The Works of the Rev. Jonathan Swift/Volume 11/From William King to Jonathan Swift - 8

DUBLIN, NOV. 30, 1710.

I RECEIVED your's of the 23d, by last packet. I was aware of what you observed, when the letter to his grace was signed; but it was before I received your's of the 4th instant, wherein you tell me, that the business was in effect done; nor could I have any certain prospect that it would be done from any intimation that I had before from you. You must know, that this was not the only thing displeased me in the letter; it was drawn and signed by some before I saw it. I looked on it as a snare laid in my way; nor must you wonder that some are better at making their court, than serving the church; and can flatter much better, than vote on the right side. Those that had rendered themselves justly obnoxious by deserting his grace's[1] friends and interest in notorious instances, think they have salved all by this early application, and perhaps it may prove so.

But if the matter be done, assure yourself it will be known by whom, and what means it was effected.

In the mean time, God forbid you should think of slacking your endeavours to bring it to perfection. I am yet under an obligation not to say any thing of the matter from your letter; and while so, it would be hard for me to refuse to sign such a letter as that you mention, or find a pretence for so doing: but when the business is done, the means and methods will likewise be known, and every body have their due that contributed to it.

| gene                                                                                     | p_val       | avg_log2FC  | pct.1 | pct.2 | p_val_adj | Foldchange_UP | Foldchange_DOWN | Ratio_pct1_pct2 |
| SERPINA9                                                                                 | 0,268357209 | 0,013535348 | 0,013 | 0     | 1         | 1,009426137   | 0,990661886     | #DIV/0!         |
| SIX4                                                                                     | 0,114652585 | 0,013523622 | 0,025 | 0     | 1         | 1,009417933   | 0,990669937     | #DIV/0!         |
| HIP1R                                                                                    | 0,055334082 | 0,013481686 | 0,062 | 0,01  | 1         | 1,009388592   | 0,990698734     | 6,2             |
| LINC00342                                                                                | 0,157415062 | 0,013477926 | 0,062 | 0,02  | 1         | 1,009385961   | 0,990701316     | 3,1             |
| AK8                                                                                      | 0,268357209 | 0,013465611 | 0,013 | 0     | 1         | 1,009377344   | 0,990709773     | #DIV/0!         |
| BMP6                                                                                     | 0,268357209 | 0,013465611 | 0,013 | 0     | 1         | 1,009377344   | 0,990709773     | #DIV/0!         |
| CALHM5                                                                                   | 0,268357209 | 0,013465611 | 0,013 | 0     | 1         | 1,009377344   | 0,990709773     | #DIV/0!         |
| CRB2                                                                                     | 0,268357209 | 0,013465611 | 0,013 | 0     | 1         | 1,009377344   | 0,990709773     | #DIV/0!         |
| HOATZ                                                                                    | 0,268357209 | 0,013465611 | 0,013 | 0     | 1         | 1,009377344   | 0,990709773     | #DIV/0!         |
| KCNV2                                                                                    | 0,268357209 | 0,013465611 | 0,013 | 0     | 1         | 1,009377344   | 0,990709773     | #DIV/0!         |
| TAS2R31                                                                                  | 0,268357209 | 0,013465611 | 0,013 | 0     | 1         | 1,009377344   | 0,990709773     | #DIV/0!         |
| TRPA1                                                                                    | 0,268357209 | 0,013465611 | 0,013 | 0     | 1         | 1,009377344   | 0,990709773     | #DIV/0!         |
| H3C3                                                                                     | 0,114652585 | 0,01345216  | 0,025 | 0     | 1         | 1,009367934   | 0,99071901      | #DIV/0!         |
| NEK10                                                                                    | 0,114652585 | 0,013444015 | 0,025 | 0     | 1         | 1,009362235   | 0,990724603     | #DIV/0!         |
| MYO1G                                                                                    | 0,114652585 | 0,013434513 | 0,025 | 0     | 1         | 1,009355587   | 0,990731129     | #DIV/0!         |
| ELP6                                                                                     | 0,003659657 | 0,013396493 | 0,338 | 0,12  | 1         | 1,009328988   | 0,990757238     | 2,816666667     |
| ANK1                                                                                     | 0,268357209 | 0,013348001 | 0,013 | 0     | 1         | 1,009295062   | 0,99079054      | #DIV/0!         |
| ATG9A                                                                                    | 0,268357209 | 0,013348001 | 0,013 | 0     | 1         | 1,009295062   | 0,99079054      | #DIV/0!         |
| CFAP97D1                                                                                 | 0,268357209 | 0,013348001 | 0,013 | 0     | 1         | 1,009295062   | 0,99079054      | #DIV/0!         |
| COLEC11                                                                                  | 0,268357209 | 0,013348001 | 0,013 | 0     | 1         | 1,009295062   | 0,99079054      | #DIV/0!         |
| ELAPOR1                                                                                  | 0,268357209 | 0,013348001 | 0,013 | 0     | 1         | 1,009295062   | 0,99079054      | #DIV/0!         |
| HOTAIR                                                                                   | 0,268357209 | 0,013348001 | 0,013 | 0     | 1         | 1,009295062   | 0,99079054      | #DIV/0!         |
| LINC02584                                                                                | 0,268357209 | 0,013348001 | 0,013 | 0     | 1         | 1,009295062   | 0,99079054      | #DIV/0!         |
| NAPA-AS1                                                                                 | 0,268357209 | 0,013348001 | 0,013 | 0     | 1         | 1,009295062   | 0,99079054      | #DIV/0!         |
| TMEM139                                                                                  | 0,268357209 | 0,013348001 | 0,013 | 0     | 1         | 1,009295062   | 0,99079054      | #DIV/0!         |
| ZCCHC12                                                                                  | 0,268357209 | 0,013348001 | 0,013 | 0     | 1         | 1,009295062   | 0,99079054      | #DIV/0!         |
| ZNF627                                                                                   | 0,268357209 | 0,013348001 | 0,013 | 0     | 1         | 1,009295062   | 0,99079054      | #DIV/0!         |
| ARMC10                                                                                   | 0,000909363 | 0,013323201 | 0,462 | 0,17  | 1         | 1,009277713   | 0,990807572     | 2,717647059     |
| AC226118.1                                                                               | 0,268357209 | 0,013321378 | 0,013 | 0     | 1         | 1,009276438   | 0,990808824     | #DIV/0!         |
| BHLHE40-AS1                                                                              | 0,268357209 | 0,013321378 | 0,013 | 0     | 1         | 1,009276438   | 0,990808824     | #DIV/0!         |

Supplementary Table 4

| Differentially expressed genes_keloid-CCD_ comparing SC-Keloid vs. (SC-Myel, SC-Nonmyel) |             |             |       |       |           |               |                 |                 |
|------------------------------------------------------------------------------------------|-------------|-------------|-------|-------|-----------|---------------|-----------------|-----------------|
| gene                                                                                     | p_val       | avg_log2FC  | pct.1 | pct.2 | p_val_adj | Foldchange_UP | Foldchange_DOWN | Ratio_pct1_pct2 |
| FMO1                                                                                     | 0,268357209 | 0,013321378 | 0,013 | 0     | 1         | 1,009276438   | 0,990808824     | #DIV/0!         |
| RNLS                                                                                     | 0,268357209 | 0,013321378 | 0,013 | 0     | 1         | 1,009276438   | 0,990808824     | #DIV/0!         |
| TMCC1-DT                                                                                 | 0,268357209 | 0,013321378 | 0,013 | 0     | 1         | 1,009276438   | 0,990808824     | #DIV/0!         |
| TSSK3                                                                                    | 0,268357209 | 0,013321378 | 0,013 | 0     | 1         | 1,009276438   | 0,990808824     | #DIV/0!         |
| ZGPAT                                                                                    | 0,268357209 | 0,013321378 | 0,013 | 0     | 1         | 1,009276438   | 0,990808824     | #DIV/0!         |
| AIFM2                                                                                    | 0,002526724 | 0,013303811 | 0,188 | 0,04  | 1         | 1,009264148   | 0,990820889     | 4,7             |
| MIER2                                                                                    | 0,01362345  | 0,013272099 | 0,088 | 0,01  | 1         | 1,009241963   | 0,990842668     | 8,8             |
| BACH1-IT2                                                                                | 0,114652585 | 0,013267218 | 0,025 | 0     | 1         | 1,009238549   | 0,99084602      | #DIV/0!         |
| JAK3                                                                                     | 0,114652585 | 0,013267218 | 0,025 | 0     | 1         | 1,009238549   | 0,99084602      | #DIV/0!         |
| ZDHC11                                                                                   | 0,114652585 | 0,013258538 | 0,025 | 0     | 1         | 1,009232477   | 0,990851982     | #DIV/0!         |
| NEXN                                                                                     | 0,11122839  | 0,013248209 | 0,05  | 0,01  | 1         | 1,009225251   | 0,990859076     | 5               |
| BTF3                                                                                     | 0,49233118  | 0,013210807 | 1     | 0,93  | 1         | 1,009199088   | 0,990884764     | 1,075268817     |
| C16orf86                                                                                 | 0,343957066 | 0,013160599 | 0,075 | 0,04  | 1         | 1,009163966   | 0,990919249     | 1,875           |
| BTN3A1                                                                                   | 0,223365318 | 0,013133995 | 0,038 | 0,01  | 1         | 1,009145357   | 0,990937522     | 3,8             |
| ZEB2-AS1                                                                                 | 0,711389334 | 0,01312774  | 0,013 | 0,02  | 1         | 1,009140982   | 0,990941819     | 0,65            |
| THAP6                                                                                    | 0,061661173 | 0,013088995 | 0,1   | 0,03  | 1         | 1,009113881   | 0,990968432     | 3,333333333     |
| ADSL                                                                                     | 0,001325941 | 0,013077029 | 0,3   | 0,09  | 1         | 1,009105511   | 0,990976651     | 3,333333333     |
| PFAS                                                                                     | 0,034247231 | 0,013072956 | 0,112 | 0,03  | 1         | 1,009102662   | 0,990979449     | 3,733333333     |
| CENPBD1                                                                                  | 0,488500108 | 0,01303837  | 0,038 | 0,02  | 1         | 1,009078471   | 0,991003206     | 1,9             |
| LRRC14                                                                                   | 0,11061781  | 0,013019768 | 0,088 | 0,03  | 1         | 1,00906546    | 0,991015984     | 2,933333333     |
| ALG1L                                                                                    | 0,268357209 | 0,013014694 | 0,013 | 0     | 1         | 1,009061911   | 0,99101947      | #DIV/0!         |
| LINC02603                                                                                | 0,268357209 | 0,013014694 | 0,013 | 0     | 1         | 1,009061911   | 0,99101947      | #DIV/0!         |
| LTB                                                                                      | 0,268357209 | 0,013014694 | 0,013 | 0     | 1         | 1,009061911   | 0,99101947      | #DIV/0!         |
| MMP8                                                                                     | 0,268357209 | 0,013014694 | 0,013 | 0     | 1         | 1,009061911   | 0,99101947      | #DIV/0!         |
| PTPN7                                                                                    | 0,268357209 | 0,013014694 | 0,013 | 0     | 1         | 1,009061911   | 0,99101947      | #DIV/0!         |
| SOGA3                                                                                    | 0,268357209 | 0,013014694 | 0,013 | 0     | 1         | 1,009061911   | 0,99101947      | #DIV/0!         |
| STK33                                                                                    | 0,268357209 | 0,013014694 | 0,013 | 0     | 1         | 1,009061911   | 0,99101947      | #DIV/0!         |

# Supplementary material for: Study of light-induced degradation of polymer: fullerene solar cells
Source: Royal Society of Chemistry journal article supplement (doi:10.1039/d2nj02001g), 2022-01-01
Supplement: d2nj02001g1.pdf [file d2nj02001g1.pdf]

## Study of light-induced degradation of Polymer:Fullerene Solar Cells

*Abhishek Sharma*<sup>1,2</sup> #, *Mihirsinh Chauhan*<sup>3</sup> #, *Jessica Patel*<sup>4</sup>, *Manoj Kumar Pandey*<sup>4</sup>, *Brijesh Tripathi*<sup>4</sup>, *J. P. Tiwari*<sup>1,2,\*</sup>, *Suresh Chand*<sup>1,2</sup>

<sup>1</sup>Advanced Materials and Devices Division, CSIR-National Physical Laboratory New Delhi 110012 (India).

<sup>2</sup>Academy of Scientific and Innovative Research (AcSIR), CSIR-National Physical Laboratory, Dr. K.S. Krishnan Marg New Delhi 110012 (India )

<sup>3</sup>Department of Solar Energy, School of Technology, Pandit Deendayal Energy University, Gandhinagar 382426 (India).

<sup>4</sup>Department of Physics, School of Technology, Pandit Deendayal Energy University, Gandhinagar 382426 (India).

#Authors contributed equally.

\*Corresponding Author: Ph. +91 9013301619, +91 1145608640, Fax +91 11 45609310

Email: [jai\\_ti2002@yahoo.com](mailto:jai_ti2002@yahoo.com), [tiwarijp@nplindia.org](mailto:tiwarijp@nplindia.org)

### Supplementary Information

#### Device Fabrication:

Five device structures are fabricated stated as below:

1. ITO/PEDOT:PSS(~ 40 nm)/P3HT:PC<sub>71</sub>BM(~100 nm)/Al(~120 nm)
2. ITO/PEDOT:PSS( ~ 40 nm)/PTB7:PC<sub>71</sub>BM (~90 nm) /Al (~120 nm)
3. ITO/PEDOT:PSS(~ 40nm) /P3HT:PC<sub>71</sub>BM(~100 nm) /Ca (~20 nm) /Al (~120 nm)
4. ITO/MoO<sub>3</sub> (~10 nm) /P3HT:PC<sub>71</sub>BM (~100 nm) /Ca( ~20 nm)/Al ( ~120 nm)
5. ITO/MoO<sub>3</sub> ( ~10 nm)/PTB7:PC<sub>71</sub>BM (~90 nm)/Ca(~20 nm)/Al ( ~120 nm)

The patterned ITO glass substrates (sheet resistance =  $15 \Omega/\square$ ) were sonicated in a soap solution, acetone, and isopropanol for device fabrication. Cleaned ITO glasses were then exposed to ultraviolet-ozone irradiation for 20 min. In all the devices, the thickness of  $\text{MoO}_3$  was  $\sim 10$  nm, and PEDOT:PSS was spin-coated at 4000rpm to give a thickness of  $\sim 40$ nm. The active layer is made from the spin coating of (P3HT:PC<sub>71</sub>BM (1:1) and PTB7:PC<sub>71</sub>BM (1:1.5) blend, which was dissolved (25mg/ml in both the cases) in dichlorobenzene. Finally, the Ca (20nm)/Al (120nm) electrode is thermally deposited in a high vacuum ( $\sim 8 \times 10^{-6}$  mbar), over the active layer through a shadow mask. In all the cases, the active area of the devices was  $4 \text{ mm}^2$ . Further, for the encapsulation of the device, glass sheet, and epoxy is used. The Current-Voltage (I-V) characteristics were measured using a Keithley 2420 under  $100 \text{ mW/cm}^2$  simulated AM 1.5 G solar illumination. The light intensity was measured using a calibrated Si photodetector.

I shall reckon nothing done till the queen's letter come here. You may remember how we were born in hand in my lord Pembroke's time, that the queen had passed the grant; which, after a whole year's expectation and solicitation, proved only a mouthful of moonshine. But, if it succeeds better now, we must owe it, next to the queen's goodness and bounty, to the great care of the great man to whom you have applied, and to your management. It is seven or eight years since we first attempted this affair, and it passed through several hands; yet no progress was made in it, which was certainly due to the ill methods taken to put it forward; which, in truth, instead of promoting, obstructed it. At the very first motion, it was promised, and in a fair way; but the bishops here, out of their abundant deference to the government, made the same wrong step they would have done now; and we could never make the least progress since, till now, and I pray God we have not put it back again.

You must not imagine, that it is out of any disaffection to you, or any distrust of your ability or diligence, that the bishops here were so cold in their employing you: but they reckon on party; and though several knew what you were, yet they imagined, and some vouched, that you were looked on at court as engaged on the other side; and you cannot do yourself a greater service than to bring this to a good issue, to their shame and conviction. I heartily recommend you and your business to God's care.

I am, &c.

  1. 'The duke of Ormond, who was declared lord lieutenant of Ireland, Oct. 19, 1710.'